Rights, Obligations and 'Emergency Measures' in Unprecedented Times.

Monday, April 06, 2020

Indian police clear out anti-government protest citing coronavirus ...


Unprecedented. 

This has to be the most used word within the past month or two, especially in the corporate world. From emails by banks, reassuring customers that their funds will be well taken care of, to notices by fast-food joints announcing alternative modes of customer service, as a result of the present global pandemic pandemonium.

Use of the word thus aptly reflects the times we find ourselves in: Unprecedented times.

It is not that the world has not faced trouble before. There have been two World Wars. But one can argue that there were months’ long build-up, and actual conflict was restricted to only certain parts of the world.

And while there was the Spanish Flu of 1918, which was considered equally as deadly (if not more) than the current COVID19, there are contributing factors which perhaps put this present pandemic on the pedestal of ‘unprecedented’.

The single biggest contributor is globalisation. In 1918 there was no internet, and while countries were in talks with each other, the world had not gotten to the level of collaboration it has presently. Now, you could be having breakfast in the UK, lunch in Dubai, and dinner in Zimbabwe. All in a space of 24 hours.

We are all soooooo connected to each other, and various aspects of our lives have all merged across one another that there is almost no possibility of life as we know it continuing to thrive happily, while the virus rages away.

There is also the blessing (and maybe curse?) of prior knowledge. The knowledge of how prior pandemics swept across continents, and wreaked havoc in their wake. If that could happen then when the world was not as interconnected as it presently is, it is easily imaginable how this present COVID19 could leave quite some damage, if left unchecked.

Which explains why the world has leaped into action, with various world leaders and government adopting emergency measures, to deal with this faceless enemy.

What began as mere advice and subsequently, strong recommendations, have quickly evolved into mandatory lock downs instituted across countries, like China, Italy, and recently UK, in order to curb the spread of the virus.

From less stringent measures in parts of Canada, where governments are advising people to stay indoors and avoid possible transmission through clusters, to harsher measures, like in India, where citizens are being flogged if seen on the streets.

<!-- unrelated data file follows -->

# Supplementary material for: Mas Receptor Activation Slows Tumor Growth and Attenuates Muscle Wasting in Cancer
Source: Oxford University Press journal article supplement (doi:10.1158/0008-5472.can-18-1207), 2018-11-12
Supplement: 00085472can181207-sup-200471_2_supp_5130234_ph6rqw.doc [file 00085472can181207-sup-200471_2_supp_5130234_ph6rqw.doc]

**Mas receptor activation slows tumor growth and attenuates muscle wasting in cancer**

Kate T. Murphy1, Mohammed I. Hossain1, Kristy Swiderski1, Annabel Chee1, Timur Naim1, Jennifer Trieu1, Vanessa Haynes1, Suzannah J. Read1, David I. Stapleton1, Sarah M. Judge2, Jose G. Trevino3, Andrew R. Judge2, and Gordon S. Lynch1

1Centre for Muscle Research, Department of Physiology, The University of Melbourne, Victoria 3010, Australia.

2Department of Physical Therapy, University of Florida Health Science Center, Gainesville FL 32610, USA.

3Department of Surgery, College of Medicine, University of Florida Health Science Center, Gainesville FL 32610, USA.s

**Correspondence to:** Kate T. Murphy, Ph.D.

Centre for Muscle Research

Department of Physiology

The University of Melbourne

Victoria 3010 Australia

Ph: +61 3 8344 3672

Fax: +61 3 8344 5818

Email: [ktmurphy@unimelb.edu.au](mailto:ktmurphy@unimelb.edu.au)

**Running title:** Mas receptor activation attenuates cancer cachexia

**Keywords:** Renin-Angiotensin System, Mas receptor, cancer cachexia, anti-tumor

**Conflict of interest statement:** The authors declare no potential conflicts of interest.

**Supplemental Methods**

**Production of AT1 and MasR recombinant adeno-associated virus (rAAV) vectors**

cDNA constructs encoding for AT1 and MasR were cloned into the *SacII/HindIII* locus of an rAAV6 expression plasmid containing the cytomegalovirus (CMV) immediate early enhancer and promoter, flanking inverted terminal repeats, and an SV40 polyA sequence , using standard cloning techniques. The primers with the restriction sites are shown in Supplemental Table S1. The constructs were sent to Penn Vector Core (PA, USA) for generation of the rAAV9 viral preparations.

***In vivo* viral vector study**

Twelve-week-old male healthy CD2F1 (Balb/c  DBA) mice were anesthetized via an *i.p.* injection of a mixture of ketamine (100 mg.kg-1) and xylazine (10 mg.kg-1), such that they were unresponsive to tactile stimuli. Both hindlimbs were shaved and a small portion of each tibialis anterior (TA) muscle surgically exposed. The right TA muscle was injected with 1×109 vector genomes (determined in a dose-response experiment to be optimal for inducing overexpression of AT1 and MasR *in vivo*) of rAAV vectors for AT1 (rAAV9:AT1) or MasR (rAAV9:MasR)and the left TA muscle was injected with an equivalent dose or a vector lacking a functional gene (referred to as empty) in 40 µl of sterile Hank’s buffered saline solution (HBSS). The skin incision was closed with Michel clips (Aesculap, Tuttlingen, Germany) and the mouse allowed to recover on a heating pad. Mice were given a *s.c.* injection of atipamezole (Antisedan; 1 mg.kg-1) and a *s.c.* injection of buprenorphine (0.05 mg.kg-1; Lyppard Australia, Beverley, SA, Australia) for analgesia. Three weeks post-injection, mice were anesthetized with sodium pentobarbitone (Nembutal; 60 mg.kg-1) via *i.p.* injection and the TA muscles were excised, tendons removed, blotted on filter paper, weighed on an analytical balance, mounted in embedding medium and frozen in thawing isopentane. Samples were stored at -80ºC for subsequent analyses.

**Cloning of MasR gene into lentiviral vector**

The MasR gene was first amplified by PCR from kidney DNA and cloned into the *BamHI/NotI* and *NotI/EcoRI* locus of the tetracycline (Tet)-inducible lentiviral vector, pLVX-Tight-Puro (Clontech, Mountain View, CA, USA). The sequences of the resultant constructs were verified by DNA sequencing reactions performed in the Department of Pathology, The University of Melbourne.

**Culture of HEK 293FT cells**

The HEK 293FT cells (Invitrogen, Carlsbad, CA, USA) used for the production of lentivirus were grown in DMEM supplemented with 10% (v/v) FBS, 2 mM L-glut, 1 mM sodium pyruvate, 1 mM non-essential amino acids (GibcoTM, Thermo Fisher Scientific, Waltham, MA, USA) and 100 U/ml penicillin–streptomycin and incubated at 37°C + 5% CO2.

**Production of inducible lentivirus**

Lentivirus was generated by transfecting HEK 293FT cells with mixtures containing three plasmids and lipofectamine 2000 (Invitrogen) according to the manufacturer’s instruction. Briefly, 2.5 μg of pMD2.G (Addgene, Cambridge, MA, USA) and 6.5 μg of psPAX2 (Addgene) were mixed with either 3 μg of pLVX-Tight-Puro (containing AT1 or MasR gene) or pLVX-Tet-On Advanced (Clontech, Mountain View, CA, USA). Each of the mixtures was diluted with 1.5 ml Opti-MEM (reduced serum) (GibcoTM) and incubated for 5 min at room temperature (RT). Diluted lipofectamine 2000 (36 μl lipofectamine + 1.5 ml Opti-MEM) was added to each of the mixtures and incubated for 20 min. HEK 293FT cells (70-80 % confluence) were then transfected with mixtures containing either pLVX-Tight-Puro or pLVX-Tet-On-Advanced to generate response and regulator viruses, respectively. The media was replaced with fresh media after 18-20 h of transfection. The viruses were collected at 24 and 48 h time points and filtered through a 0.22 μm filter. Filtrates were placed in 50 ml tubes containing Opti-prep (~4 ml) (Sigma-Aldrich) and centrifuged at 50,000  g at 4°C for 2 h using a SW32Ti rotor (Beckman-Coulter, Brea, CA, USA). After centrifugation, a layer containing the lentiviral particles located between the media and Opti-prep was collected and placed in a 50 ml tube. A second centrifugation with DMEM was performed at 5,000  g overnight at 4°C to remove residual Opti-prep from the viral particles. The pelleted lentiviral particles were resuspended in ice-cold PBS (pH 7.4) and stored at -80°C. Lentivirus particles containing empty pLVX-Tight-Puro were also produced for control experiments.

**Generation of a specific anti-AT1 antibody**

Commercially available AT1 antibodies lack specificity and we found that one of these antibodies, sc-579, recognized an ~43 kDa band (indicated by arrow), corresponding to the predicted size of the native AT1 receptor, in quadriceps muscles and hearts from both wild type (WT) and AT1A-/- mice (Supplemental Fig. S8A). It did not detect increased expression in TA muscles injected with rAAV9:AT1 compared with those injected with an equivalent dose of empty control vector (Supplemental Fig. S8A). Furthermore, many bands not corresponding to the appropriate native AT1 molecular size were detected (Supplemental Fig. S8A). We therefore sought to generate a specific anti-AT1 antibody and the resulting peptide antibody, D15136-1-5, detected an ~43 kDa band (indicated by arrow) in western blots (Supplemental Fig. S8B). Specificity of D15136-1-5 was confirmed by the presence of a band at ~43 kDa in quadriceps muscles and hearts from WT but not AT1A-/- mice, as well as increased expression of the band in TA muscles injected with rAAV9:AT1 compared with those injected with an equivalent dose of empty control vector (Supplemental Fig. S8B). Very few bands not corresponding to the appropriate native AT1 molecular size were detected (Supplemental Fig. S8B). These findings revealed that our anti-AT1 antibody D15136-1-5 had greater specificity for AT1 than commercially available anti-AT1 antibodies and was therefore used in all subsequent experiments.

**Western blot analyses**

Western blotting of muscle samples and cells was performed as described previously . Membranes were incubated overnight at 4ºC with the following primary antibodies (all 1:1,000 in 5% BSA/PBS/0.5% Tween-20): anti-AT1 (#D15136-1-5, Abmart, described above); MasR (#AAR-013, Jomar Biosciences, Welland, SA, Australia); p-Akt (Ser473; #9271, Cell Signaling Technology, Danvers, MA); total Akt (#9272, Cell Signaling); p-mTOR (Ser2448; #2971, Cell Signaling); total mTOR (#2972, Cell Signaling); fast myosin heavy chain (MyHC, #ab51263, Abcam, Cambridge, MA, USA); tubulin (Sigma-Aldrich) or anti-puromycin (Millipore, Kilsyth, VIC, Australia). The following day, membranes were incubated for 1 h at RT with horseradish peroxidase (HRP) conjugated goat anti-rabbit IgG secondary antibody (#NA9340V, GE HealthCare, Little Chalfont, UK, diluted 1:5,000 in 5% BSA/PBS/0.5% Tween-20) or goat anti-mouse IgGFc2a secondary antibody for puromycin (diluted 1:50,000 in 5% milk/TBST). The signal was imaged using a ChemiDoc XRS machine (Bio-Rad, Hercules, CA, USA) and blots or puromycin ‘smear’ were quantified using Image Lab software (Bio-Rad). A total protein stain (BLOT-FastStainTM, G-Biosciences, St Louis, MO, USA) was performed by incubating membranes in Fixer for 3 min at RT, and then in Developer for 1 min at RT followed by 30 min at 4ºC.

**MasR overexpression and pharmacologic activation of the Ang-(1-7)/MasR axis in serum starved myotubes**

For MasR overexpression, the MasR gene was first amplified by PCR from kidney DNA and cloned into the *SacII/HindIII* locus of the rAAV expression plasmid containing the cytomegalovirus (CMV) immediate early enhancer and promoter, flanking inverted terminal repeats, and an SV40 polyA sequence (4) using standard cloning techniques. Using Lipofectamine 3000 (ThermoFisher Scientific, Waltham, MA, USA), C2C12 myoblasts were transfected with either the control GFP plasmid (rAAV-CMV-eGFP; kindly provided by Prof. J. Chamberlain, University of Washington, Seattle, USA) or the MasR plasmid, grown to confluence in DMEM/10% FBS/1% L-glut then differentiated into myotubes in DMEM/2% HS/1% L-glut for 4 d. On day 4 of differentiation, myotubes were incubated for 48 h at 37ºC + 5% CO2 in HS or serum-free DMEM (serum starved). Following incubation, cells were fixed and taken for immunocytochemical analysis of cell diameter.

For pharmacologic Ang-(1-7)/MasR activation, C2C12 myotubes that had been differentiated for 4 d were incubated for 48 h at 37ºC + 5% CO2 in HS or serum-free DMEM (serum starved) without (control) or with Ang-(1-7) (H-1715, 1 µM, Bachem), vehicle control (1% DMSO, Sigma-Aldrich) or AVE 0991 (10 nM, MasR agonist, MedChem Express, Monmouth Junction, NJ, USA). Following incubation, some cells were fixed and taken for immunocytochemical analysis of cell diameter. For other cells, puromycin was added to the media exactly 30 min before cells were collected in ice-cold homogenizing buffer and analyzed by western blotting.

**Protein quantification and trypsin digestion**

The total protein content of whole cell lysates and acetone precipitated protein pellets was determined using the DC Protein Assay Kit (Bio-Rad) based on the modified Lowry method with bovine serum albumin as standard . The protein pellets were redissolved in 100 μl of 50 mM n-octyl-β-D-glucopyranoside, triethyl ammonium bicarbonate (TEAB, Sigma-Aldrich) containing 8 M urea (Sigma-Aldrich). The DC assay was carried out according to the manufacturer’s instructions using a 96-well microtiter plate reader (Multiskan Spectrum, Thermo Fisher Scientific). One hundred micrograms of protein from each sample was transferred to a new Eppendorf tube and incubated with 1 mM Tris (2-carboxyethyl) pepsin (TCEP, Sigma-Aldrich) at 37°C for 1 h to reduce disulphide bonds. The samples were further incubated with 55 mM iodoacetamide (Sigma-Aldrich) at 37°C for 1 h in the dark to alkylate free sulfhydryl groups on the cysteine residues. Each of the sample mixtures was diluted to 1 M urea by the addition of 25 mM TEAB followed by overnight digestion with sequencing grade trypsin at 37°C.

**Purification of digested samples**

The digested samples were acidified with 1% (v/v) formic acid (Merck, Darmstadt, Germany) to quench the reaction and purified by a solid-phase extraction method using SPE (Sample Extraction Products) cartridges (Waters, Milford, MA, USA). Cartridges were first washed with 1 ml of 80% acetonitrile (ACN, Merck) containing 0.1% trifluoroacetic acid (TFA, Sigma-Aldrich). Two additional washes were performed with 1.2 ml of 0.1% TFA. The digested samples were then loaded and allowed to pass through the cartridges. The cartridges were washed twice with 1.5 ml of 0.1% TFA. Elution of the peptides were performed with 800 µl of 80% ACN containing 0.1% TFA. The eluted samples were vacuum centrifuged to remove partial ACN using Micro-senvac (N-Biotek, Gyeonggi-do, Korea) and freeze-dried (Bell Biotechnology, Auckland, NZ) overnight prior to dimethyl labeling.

And then, there is Hungary, where the government has totally suspended democracy (as used to be known), and handed over all reins for taking national decisions by unilateral decree, to the President.

On the other side of the globe, even as it fails to achieve universal physical distancing, the US has taken advantage of the COVID19 crisis to indefinitely suspend enforcement of environmental laws.

(I’m still confused on the correlation between the enforcement of environmental obligations and COVID19)

Private establishments have not been left out of emergency measures too, with the impact of slowing business resulting into massive job losses and pay cuts being announced. Air Canada recently cut about 15,000 jobs, with 90% of its flights operations said to be grounded, due to the virus.

In places like the Federal Capital Territory Nigeria (for example), a very renowned, high-brow (faith-based) private school retroactively slashed salaries of teachers for March to 50%. This is despite the school fees having being all paid upfront at the beginning of the term in January, and the term having technically closed for the Easter break, as exams concluded just before mandatory lockdown enforced in the city.

 (Almost as though some employers were itching for the excuse to – literally - pull the rug from under employees’ legs).

But hey… it has not been depressing emergency measures all through. Companies like TD-Canada Trust have vowed that not one employee would be let go, because of the COVID19 crisis.

(Wow. That's some scary guts though)

Governments like Canada have swung into action in enforcing measures to mitigate economic losses by businesses and mortgage payers.